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By Parmy Olson
Tech giants such as Google and Amazon.com Inc. are deploying artificial intelligence to ferret out fraud on their platforms, but some cybercriminals are outfoxing Silicon Valley with software that is getting better at mimicking human behavior.
One group of developers running a Russian website advertises a $100-a-month subscription to a browser called Linken Sphere. Customers have used the software to get around fraud-detection tools employed by Alphabet Inc.'s Google, Amazon and Facebook Inc., according to researchers and users of the tools. The browser allows users to harness hundreds of stolen online accounts, purchased on the dark web, to generate fake ad traffic or to boost online search rankings and shopping reviews, those people say.
Another popular tool, AntiDetect, also costs $100 a month for a subscription, and offers a $2,990 professional version. Its creator charges an extra $100 a month for personal technical support, servers and free configurations. A tool called Multilogin, created by an Estonian-based company, can control up to 100 different profiles. It charges 99 euros, about $110, a month. Customers can pay more to have those profiles automated to behave in special ways.
All these tools can be used for legitimate purposes, according to researchers. They can be used by tech firms to look for vulnerabilities and test their own defenses, for instance. But they are also being used to evade fraud-detection defense for illegitimate purposes, according to researchers and users.
Linken Sphere's creators didn't respond to several requests for comment. On their website they say Linken Sphere can be used for legitimate purposes. A spokesman for Antidetect said it was unfortunate such programs were used by attackers, "but this should not be regarded as the developer's fault."
Donat Voronin, chief executive of Multilogin Software Ltd., based in Tallinn, Estonia, said his company's browser was primarily used for research by companies, nongovernmental organizations and universities but that, like any software service, there were "nonmainstream use cases."
Fraudsters have typically relied on complex computing software, known as virtual machines, that allows them to anonymously direct fake traffic to sites or ads, to then artificially boost product ratings or reviews. Another long-used trick: Large networks of hacked computers, known as botnets, can send fake traffic at these targets.
Many big tech companies have come up with defenses to identify these and other techniques, by looking more closely at the accounts and using artificial intelligence to determine whether they are active or not. If they aren't, that is a red flag and a sign of possible fraud.
The new tools, however, can evade some of these AI-enabled defenses. The tools essentially act like browsers -- alternatives to Microsoft Corp.'s Internet Explorer or Apple Inc.'s Safari -- that allow for the creation of hundreds of fake personas quickly and cheaply, according to users of the tools, researchers and discussion forums about them.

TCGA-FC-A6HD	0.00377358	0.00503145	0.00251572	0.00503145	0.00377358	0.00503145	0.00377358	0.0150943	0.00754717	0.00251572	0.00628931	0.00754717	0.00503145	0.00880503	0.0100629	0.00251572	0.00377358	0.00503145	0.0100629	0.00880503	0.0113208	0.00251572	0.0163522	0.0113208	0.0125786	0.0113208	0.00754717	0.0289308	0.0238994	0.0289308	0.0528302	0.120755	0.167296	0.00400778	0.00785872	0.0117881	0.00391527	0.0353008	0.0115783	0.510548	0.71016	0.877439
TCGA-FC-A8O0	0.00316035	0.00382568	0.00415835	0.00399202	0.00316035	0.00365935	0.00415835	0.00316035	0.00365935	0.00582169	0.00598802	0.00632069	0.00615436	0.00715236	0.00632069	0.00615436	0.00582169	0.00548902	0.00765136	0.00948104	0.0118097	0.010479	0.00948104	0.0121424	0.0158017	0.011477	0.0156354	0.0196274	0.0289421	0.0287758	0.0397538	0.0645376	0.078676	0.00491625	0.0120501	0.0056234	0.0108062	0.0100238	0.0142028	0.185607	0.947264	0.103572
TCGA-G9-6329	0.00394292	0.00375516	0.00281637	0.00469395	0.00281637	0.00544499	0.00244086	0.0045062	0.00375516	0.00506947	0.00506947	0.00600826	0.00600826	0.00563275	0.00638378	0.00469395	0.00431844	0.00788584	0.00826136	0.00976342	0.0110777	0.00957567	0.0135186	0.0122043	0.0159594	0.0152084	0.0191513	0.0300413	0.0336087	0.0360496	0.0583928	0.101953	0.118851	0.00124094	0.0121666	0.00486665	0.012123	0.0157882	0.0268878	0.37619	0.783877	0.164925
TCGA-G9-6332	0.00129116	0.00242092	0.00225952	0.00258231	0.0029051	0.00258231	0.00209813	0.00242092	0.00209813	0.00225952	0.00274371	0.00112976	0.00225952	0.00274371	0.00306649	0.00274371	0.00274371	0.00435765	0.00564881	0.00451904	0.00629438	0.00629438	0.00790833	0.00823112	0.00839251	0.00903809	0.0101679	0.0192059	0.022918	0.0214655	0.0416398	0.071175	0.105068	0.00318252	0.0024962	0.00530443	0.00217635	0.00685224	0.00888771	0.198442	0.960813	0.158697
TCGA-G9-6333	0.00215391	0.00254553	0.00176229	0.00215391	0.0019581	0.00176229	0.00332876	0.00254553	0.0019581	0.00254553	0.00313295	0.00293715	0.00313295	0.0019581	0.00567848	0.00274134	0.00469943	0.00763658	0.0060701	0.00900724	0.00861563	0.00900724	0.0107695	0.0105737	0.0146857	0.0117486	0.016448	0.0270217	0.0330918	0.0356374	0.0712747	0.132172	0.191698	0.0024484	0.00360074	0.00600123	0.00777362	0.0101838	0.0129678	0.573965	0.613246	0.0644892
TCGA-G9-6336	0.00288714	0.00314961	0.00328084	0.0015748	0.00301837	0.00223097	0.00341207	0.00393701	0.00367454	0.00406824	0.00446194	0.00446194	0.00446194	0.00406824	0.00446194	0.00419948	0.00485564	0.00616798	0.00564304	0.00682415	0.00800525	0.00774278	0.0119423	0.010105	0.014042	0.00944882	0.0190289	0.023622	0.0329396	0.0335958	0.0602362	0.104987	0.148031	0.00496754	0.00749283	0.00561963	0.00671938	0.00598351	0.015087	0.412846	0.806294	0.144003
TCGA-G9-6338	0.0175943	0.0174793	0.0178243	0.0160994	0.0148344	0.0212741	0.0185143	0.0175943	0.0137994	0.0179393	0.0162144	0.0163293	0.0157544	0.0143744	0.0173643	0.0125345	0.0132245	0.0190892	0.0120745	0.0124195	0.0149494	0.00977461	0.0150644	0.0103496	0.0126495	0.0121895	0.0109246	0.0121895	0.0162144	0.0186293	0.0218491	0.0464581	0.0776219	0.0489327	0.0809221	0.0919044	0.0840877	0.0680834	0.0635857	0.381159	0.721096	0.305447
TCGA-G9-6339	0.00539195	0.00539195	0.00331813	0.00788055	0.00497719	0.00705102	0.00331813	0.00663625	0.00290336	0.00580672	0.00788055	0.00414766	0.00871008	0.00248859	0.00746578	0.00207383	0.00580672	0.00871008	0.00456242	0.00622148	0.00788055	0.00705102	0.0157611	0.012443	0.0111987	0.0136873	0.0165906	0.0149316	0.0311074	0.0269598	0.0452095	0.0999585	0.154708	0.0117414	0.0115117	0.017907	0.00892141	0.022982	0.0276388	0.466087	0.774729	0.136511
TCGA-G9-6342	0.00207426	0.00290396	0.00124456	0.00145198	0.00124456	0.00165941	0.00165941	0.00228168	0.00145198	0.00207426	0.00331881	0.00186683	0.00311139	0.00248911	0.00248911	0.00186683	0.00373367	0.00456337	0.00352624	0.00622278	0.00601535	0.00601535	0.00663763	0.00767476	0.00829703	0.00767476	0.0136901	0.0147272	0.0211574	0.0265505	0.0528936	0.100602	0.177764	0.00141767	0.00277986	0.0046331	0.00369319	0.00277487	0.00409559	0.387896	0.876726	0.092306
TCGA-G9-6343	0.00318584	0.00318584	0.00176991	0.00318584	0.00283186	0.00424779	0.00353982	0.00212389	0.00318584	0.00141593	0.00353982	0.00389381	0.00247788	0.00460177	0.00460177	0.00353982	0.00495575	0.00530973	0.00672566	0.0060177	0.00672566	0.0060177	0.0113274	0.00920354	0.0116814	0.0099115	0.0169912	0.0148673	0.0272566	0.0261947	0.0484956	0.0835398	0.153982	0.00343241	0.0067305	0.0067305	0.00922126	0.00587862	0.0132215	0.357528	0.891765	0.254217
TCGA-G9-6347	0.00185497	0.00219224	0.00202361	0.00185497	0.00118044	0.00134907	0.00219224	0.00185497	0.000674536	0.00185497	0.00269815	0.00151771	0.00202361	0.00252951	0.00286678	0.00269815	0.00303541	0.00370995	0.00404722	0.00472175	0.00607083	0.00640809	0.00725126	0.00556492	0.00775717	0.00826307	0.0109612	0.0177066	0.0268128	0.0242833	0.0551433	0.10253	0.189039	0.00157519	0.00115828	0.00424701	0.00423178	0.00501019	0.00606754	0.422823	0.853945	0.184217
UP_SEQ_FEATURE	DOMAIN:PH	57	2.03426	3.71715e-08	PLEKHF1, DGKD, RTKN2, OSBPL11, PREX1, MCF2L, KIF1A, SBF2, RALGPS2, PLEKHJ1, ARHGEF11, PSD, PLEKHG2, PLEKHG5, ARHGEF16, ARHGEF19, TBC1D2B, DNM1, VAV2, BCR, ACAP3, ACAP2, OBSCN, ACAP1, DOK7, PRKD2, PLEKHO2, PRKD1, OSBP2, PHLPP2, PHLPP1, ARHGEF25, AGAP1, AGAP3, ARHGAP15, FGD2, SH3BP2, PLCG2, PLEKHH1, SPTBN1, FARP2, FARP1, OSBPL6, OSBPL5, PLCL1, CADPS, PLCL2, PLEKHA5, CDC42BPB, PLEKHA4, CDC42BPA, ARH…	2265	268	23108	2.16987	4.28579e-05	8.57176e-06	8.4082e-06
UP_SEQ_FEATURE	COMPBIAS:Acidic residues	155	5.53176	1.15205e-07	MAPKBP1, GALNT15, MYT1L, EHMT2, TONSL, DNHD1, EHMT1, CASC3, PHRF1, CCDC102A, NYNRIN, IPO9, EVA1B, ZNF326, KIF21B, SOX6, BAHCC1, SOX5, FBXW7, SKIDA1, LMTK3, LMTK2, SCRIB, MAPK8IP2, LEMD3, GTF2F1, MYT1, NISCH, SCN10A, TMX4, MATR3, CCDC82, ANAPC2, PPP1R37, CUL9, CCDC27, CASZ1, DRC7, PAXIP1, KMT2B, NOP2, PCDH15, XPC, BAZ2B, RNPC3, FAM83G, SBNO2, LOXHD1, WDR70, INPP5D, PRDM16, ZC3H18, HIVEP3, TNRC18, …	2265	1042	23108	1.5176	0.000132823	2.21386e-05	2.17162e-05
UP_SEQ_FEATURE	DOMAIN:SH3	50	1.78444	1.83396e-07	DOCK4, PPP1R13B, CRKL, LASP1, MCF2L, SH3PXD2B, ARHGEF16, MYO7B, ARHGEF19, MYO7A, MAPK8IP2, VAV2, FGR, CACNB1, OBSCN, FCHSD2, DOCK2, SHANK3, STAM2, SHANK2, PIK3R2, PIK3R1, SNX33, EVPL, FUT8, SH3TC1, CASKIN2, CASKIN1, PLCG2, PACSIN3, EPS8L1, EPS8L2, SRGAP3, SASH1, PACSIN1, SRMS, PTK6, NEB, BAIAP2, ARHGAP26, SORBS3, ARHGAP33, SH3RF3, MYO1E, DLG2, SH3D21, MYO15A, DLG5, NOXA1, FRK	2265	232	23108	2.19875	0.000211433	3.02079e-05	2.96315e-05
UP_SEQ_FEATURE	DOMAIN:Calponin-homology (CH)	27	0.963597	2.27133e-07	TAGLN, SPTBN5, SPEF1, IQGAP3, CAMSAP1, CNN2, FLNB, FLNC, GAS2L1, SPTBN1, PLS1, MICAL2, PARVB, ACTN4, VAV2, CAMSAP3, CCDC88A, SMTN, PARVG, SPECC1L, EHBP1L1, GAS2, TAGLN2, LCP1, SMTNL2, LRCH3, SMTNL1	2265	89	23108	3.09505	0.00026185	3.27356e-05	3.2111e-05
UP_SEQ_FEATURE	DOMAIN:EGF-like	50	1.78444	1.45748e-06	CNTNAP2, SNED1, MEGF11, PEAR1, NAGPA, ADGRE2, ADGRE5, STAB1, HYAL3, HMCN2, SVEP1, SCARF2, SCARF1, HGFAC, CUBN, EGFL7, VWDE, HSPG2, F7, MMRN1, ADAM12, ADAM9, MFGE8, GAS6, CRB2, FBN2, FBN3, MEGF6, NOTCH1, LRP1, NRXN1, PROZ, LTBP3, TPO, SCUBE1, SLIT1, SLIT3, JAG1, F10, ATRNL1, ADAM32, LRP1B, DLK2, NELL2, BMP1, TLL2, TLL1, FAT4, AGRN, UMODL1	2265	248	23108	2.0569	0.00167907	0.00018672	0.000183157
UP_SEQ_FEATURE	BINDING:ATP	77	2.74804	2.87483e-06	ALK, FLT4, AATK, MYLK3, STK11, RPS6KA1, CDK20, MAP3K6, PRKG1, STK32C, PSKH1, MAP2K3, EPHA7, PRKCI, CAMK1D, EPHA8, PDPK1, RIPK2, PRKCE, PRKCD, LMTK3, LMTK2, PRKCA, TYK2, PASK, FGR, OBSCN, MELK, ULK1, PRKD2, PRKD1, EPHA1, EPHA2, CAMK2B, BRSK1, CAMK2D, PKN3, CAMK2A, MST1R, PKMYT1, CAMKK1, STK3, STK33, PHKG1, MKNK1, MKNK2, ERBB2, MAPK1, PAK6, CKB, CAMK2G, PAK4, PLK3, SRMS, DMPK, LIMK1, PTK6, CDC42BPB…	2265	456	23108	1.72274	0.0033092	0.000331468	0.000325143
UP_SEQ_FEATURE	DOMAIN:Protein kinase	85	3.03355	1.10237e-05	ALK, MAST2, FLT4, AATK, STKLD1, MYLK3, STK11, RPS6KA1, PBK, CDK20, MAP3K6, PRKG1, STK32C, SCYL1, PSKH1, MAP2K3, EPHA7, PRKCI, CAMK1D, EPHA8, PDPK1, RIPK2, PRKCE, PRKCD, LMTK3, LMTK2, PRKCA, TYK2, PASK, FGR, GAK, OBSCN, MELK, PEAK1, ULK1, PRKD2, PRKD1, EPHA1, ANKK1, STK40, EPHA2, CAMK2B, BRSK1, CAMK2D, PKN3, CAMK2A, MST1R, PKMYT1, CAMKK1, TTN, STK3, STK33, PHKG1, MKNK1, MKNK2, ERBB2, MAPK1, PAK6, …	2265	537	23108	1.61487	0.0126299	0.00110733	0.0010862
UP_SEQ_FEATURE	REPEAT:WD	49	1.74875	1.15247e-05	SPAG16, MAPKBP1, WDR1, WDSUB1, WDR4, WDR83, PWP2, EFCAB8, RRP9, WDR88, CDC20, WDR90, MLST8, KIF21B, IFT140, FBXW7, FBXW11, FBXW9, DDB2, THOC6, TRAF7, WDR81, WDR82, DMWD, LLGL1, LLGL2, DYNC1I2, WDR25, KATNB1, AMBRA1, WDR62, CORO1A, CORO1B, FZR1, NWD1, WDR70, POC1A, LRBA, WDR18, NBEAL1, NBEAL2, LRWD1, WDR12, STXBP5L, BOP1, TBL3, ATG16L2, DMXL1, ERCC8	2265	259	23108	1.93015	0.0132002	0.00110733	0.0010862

The browsers help carry out one of the most popular types of online fraud -- spoofing traffic to online ads or social media profile pages, thus increasing the value of those pages by making them look more effective than they really are. Marketers are expected to lose around $5.8 billion on ad fraud this year, according to a report by the U.S. Association of National Advertisers.
A spokesman for Facebook said the company was getting better at spotting fake accounts, and that its detection technology helps block millions of attempts to create fake accounts every day. A Google spokesman said it has been researching anti-detection tools, and that the company blocks most invalid traffic before it affects advertisers. Amazon didn't respond to requests for comment.
Linken Sphere first emerged in 2017, according to researchers at Recorded Future, a cybersecurity consulting firm based near Boston. The developers behind the Russian-language site, who call themselves the Tenebris Team, say on the site that it can be used for legitimate purposes such as testing the defenses of websites.
Linken Sphere's developers describe themselves online as security engineers, but a YouTube ad for the product says the service can "successfully bypass anti-fraud systems." Members of the development team behind Linken Sphere give technical advice on a dedicated chat channel anyone can join, with close to 6,000 members, on encrypted mobile messaging app Telegram. They discourage discussion on that channel about how the software is used, observations of the discussions show.
Fraudsters, though, can use the software to mimic the online browsing and shopping habits of real people. For example, they can send fake personas to visit different websites, click on various links and ads, and leave five-star reviews. Such actions could help boost the popularity of an ad or product, leading to increased clicks and sales.
"It's like the wardrobe for someone who wants to do impersonations," said Staffan Truve, Recorded Future's chief technology officer. "You can pick the clothes and the mustache, and which behavior you want to have."
Write to Parmy Olson at email@example.com
(END) Dow Jones Newswires
January 07, 2020 12:56 ET (17:56 GMT)
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